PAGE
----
One of my friends died this week after a months-long fight with cancer. He was an extraordinary guy, a real clown. I mean a REAL real clown: a professional gag-master who worked in and with circuses all his life, one of those people who has made the world a much better, happier place, but I’m not going to eulogize him here. His passing has put me in mind once again of the subject of Death itself, something most of us try to avoid thinking about too much.
Death is unsettling at best. It shakes you up. It makes you lose your footing in your day-to-day trudge through the world. It breeds disquiet and despair. Coming to terms with it is something we have to do if we’re going to live. In my book I devote a chapter to the “Sacrament of Death” and a model for what I meant could be found in the passing of my friend.
To illustrate, I’m sorely tempted to share his wife’s searing descriptions of their last weeks together. Some things, however, are too personal. In the selfie era where we want to make sure everyone knows everything about us all the time, it’s important to carve out some sacred space where only friends and family are allowed in, and you can’t help feeling that her writings on Facebook and CaringBridge are only for those who knew him.
But as we read about his final days, it was evident that these were holy moments that brought the family members into a closer circle, doing their best to maintain their usual good humor amid the frightening approach of the inevitable. Tending the needs of those who are dying is a sacred trust. We need each other so profoundly in those moments. It’s exhausting, it’s discouraging, it’s fulfilling, it’s transcendent. This particular path to the other side—the slow approach, without too much pain, is a great blessing in many ways. As my wife’s uncle put it the week before his passing, “I’m coming in for a nice soft landing.” There is an opportunity for a great deal of reflection and connection, if you open up and allow it to happen. It’s one of those times we feel most vulnerable, most generous, most human.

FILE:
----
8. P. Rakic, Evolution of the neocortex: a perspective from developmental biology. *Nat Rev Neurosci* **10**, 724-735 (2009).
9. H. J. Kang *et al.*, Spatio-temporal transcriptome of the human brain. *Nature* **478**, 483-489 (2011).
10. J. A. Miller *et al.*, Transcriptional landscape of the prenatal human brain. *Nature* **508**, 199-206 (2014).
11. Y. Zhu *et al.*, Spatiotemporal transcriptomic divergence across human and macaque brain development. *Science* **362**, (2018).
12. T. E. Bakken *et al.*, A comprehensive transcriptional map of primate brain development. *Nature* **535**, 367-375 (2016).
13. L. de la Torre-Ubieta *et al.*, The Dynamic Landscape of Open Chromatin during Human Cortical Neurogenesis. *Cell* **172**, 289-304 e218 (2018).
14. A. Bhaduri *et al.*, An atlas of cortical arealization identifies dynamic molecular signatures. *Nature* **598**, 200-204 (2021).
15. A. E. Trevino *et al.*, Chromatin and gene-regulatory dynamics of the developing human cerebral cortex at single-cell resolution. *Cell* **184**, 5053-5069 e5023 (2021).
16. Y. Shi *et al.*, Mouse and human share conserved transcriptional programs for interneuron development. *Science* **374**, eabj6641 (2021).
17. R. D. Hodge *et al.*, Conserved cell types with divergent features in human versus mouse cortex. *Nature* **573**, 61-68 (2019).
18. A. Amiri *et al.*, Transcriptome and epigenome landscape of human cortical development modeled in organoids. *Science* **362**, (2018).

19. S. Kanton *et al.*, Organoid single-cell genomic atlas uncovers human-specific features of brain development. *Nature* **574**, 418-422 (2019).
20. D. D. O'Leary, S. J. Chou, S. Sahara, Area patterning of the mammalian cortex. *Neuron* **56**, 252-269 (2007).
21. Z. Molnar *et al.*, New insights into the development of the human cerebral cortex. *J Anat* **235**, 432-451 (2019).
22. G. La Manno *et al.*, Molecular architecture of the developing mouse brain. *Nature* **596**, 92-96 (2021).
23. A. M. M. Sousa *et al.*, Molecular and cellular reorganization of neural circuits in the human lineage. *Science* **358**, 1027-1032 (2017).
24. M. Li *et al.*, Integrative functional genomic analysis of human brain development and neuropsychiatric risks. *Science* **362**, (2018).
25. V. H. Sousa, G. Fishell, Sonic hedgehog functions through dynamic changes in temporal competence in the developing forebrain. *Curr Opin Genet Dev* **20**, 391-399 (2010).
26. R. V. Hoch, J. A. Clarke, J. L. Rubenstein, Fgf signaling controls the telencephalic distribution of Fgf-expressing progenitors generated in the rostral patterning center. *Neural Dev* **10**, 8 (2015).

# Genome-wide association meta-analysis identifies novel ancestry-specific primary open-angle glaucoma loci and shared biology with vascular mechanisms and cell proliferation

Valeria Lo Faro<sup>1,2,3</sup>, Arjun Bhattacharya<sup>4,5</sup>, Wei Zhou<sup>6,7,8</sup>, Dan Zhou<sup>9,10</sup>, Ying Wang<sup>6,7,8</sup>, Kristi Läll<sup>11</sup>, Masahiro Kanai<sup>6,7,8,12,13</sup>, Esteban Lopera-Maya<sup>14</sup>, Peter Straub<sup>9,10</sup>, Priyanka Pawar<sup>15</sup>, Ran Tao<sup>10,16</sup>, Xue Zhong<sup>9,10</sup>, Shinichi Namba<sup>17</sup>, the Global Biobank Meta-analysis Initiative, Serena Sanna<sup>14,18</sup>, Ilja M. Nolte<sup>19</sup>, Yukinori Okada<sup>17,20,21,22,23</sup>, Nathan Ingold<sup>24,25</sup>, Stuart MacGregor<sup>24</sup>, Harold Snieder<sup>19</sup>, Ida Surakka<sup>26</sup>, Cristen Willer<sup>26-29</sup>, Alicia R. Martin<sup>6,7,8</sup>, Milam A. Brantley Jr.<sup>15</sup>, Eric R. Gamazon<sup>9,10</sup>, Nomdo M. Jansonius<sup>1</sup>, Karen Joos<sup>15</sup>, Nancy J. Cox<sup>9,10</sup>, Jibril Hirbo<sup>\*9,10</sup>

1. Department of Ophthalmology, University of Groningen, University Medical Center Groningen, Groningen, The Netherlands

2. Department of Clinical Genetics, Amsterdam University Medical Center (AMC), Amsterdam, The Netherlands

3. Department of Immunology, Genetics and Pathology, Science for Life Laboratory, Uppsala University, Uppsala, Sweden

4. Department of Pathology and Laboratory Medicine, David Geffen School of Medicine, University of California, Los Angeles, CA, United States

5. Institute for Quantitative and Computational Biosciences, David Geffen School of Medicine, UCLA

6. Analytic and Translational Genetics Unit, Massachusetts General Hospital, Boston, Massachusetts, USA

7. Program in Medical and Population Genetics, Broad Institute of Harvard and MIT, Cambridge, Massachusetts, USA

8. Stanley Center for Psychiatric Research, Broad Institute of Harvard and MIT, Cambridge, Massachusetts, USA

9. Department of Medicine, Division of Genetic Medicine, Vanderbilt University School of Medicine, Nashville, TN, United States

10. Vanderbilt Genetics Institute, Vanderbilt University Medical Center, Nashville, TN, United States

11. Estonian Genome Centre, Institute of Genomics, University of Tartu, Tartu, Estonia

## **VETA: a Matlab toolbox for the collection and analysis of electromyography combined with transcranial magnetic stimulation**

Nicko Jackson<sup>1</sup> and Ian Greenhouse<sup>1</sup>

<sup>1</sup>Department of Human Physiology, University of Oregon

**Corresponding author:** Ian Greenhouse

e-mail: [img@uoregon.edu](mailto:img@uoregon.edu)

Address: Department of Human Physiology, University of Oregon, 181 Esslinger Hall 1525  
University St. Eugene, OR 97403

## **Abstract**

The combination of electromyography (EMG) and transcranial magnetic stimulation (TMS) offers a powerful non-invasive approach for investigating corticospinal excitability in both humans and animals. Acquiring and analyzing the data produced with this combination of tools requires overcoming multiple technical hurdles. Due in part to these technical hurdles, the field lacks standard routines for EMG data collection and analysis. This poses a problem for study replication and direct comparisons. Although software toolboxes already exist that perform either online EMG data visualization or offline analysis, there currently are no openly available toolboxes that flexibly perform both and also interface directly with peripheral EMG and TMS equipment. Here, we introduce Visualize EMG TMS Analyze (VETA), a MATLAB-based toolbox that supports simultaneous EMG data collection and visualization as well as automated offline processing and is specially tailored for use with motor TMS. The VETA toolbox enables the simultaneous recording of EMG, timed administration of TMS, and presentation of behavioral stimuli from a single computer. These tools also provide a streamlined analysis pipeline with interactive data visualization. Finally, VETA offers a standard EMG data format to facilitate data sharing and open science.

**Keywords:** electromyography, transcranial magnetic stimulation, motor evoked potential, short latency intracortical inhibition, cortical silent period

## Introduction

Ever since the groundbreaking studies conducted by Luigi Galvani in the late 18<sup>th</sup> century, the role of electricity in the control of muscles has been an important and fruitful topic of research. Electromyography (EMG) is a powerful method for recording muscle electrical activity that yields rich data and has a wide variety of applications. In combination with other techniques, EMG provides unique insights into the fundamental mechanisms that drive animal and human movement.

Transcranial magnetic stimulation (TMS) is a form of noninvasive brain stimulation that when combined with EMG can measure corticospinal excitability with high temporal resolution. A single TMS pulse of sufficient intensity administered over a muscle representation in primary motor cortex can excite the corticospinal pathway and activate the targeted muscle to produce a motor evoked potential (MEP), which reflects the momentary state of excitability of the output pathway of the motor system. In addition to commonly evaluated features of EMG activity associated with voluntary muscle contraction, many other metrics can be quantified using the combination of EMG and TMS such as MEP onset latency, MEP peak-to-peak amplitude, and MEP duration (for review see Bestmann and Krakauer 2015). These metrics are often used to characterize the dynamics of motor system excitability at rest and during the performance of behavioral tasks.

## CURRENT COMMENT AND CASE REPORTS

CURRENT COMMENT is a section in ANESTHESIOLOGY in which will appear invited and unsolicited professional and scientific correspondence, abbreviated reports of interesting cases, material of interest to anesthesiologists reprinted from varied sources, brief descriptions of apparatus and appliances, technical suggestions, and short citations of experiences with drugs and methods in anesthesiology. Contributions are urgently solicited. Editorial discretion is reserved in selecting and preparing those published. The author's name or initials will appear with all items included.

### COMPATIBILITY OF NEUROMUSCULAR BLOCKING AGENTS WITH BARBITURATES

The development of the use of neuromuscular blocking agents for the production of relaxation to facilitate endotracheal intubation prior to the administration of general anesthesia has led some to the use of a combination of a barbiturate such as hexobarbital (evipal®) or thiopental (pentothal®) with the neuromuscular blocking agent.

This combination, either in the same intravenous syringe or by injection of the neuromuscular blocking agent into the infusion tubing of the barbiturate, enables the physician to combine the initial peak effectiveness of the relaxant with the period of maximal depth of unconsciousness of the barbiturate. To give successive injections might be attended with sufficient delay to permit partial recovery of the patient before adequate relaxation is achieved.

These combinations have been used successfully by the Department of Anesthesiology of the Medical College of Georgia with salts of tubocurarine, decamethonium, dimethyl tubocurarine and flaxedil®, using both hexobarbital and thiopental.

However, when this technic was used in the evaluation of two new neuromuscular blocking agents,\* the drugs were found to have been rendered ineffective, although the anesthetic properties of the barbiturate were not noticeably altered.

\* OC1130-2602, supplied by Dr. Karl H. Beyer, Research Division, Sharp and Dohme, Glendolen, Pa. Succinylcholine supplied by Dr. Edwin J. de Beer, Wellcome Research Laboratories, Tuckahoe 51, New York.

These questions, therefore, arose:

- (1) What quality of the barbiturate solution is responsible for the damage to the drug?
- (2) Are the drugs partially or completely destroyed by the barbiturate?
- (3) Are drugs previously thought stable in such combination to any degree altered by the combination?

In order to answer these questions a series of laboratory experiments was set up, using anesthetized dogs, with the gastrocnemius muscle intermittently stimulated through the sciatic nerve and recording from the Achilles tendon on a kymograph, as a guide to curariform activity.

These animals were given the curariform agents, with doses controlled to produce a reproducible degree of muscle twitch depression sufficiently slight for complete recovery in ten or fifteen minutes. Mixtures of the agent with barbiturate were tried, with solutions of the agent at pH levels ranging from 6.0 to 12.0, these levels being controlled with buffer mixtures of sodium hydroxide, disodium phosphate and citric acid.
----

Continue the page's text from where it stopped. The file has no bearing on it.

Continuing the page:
Let me also once again sing the praises of the good people of Hospice. We need them so badly at this time in our lives and there they are, giving so much of themselves. There was also the benefit of another friend who is a death midwife, or as she prefers to call herself, a spiritual midwife. This much-needed service is a godsend at a time when most of us are an emotional wreck. It’s an inestimable boon to have on hand a caring, competent professional who knows what to do every step of the way to the frontier. There was no need to call any doctors at the end, no 911, no hospital. He slipped away day by day in the comfort of his home, surrounded by those who cared most about him.
They have chosen a three-day vigil in the home with calling hours for friends. His spirit has flown, his body lies in a homemade casket encircled by photos, posters of his circus days–and love. Today, after a brief home funeral, the casket will be taken to the crematorium as our local band plays “When the Saints Go Marching In.”
Vaya con Dios.